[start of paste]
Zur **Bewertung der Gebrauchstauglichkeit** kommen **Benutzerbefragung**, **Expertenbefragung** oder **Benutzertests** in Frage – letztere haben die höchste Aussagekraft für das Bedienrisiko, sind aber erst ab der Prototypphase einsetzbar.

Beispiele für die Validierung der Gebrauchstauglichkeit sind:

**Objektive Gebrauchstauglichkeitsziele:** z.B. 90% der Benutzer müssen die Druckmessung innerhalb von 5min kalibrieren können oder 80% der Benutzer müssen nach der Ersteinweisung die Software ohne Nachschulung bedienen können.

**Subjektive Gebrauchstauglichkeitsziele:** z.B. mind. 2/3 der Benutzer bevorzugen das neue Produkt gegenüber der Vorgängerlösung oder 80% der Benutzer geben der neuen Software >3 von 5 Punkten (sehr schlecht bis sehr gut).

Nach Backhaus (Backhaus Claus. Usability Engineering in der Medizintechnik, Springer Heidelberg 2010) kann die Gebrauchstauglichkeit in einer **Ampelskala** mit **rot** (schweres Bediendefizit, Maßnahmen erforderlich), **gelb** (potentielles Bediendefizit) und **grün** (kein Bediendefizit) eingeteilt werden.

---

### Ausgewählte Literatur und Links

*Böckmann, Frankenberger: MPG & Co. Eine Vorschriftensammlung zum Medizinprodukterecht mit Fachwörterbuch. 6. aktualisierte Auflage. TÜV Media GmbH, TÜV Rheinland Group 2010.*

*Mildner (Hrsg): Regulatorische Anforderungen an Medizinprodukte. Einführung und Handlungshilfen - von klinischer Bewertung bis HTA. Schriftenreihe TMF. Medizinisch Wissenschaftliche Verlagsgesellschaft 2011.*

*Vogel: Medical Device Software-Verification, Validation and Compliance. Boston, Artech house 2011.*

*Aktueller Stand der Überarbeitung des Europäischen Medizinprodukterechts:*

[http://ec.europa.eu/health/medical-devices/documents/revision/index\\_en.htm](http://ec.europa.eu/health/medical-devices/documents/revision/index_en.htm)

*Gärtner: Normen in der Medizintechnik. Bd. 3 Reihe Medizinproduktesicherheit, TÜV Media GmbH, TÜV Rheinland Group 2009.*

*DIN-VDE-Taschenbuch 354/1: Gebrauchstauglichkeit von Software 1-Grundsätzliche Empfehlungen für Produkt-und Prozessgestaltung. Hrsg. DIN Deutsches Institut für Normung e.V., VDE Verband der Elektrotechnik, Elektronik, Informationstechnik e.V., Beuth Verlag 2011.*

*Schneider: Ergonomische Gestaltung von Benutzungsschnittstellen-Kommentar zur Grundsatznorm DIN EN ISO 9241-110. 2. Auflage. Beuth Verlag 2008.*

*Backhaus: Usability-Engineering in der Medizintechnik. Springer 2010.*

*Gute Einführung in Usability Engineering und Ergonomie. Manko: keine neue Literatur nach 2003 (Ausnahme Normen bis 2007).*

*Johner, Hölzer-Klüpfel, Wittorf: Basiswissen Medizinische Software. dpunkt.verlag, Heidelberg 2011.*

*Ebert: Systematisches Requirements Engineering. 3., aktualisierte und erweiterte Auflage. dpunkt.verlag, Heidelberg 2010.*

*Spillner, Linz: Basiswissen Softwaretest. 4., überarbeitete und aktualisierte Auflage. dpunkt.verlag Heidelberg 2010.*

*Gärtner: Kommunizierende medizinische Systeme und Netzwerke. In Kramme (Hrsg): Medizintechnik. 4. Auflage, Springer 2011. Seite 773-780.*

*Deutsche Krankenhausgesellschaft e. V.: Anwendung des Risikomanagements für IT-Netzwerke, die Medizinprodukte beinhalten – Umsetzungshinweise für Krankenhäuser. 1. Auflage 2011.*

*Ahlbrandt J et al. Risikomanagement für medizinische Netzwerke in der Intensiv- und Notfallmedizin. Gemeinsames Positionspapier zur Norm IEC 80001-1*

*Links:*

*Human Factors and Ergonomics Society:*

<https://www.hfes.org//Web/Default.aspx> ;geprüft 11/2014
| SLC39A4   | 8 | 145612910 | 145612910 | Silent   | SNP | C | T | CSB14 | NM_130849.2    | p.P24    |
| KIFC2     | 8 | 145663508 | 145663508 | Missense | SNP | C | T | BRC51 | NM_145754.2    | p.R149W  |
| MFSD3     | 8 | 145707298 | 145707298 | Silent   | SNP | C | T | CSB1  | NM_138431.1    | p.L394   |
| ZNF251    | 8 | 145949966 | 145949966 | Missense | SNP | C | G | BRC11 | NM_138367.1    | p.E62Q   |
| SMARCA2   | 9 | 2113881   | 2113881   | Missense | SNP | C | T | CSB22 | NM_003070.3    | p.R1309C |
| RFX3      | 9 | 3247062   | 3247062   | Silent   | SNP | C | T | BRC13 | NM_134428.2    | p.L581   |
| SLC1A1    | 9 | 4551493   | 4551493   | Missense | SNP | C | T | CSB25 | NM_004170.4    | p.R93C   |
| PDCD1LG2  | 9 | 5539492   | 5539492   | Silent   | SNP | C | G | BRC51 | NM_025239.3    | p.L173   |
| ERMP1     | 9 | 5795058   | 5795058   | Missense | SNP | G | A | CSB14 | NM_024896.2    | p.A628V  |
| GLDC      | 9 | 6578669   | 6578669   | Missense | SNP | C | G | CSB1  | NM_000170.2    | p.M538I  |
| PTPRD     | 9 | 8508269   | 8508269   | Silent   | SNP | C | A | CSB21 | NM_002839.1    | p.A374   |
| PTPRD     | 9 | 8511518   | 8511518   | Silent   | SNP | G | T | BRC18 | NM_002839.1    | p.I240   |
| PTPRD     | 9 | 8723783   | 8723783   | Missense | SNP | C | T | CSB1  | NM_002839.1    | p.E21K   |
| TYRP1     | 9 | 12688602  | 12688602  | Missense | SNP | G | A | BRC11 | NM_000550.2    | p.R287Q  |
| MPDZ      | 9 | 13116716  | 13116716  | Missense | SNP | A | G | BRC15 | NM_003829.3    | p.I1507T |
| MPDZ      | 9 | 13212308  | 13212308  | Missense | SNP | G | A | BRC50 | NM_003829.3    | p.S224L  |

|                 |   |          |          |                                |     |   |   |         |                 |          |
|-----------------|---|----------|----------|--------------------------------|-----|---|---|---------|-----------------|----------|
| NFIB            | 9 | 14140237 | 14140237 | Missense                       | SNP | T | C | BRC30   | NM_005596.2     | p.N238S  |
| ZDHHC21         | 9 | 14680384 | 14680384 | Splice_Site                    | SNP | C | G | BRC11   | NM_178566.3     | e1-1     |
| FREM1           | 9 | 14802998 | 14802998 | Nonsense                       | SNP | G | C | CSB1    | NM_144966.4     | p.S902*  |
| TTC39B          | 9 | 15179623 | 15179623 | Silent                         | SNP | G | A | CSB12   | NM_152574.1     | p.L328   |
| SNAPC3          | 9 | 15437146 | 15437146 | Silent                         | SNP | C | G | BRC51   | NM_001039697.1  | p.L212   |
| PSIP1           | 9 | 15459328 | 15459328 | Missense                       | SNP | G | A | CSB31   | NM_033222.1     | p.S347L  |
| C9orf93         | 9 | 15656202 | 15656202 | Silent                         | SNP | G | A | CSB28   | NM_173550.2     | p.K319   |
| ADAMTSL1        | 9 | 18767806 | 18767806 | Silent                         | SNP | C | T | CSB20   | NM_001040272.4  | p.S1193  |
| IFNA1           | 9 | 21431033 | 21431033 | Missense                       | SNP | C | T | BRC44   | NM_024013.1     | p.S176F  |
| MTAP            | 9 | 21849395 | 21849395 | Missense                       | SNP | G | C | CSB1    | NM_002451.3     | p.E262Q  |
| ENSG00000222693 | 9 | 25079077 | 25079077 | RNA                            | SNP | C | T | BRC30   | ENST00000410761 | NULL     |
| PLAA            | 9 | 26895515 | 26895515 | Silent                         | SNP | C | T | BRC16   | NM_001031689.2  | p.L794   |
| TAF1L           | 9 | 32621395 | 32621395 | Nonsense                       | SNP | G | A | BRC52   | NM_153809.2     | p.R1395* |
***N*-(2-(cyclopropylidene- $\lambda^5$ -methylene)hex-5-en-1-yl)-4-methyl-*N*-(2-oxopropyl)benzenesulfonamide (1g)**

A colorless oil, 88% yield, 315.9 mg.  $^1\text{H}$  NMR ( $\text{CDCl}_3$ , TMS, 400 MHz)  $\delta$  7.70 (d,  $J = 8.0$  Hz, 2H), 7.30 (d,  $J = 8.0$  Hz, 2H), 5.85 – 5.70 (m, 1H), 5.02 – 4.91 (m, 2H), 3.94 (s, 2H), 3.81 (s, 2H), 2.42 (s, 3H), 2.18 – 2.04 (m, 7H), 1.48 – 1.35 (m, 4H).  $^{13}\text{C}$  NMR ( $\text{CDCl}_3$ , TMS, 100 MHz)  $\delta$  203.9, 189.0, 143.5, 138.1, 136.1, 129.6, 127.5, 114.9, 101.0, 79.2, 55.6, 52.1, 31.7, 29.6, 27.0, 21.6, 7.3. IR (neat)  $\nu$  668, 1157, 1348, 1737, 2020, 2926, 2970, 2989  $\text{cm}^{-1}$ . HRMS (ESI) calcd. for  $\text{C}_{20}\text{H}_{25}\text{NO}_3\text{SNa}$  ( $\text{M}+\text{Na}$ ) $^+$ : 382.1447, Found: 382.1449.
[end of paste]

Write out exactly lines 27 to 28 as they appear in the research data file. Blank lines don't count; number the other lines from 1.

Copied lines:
| SLC39A4   | 8 | 145612910 | 145612910 | Silent   | SNP | C | T | CSB14 | NM_130849.2    | p.P24    |
| KIFC2     | 8 | 145663508 | 145663508 | Missense | SNP | C | T | BRC51 | NM_145754.2    | p.R149W  |